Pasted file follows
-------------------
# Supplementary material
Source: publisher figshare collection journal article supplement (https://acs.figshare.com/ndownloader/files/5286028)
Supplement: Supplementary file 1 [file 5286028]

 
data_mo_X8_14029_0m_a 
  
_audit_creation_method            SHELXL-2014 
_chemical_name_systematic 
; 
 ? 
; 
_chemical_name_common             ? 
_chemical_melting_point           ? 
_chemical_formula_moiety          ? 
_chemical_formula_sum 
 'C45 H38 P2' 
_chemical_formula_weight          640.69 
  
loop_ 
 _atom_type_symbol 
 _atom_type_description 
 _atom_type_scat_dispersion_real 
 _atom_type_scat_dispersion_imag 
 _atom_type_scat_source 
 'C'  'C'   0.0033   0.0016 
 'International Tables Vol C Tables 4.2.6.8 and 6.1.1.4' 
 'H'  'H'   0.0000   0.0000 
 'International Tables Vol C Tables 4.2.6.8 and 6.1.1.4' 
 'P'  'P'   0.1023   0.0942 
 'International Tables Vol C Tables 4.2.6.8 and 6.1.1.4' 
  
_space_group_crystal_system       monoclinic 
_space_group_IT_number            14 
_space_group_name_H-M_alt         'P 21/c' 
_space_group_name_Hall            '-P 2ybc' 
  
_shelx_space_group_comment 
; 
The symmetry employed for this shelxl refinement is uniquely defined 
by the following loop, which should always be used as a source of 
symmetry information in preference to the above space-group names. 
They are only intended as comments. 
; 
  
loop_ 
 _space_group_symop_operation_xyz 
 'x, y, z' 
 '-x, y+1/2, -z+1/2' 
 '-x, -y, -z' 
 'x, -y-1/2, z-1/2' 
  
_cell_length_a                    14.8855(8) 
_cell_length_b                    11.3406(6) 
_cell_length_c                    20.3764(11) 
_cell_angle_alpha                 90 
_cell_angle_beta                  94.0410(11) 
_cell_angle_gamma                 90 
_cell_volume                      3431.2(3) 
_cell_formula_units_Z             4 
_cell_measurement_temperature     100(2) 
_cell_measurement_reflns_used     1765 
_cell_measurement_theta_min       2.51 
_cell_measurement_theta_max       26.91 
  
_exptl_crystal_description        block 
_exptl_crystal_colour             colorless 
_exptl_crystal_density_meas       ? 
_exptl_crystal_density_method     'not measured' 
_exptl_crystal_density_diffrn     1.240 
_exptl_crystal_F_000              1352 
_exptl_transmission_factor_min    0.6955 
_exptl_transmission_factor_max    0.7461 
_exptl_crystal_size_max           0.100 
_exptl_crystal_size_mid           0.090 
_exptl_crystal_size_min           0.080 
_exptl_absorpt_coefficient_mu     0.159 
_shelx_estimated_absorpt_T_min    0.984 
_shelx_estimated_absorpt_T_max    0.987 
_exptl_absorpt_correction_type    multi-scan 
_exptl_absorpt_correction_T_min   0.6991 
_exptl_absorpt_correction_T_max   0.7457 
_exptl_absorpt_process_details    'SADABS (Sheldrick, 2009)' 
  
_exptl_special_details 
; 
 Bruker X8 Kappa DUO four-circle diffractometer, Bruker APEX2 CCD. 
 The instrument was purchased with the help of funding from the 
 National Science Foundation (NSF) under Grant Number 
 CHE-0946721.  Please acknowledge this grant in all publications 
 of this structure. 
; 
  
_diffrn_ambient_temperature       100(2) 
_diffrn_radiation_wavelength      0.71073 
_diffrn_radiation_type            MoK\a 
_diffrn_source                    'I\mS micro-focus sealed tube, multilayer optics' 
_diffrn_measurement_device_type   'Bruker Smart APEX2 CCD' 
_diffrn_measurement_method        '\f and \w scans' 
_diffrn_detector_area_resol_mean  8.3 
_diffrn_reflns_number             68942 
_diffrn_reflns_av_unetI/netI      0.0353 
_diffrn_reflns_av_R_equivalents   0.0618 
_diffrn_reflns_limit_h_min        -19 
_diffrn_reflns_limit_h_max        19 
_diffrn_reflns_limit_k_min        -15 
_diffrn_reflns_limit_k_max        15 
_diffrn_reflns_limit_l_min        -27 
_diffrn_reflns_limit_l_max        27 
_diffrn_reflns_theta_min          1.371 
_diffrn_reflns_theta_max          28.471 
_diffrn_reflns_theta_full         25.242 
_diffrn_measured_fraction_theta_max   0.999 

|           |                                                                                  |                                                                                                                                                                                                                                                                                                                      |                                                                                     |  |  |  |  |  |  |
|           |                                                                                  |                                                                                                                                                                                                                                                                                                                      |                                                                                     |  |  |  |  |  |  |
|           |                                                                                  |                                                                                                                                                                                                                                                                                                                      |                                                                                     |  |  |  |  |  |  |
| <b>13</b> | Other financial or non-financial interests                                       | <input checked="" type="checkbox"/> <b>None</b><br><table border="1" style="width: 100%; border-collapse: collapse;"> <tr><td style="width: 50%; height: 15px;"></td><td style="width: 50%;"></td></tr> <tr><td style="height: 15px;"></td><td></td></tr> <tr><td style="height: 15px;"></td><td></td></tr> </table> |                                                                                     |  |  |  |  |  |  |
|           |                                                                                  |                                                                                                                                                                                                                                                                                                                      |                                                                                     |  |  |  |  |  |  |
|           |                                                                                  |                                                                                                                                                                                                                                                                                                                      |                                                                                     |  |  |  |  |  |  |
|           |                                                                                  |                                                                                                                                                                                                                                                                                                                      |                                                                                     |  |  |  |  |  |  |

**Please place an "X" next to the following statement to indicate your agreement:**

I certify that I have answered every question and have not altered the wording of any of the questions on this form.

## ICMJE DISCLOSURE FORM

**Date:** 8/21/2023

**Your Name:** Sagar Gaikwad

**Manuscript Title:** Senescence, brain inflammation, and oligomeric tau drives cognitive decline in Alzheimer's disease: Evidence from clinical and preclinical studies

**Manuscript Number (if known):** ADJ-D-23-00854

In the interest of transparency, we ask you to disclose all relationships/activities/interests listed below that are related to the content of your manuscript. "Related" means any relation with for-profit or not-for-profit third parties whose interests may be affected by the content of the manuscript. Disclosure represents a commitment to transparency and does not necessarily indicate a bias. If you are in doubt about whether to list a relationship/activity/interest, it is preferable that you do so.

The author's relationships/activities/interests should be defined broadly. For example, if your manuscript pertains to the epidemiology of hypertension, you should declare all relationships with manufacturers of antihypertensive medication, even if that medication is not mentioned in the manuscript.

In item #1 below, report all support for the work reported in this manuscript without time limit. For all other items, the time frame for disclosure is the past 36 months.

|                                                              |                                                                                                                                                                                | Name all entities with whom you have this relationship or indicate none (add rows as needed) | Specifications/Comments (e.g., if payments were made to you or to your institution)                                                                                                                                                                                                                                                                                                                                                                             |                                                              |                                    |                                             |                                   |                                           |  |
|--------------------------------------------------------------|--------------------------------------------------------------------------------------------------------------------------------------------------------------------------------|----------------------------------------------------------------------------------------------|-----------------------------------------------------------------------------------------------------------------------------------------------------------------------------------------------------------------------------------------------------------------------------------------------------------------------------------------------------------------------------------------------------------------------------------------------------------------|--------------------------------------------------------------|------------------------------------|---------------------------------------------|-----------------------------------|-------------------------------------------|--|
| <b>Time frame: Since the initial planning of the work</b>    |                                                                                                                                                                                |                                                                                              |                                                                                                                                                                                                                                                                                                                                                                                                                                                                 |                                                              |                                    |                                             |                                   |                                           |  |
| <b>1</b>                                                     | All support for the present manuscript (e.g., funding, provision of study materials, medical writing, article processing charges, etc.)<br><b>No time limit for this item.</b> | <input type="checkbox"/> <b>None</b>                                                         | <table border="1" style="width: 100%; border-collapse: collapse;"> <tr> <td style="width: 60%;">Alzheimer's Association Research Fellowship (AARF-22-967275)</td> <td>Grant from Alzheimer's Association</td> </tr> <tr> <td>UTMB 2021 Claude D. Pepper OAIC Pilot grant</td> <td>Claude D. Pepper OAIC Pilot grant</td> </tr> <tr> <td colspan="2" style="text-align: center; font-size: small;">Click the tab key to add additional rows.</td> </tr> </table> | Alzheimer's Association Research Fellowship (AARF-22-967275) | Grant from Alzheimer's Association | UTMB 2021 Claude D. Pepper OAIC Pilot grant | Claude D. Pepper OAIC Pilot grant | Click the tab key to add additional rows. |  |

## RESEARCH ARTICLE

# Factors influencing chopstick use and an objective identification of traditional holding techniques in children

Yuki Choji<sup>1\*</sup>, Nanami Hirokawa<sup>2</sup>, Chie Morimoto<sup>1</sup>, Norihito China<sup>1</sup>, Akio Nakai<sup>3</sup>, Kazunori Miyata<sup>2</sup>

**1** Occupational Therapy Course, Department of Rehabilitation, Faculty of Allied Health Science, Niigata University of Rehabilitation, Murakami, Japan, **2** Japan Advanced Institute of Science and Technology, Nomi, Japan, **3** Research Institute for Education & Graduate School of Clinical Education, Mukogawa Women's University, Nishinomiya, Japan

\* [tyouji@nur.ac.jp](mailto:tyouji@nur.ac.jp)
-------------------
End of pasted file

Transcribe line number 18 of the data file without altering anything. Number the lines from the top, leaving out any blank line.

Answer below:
 _atom_type_description 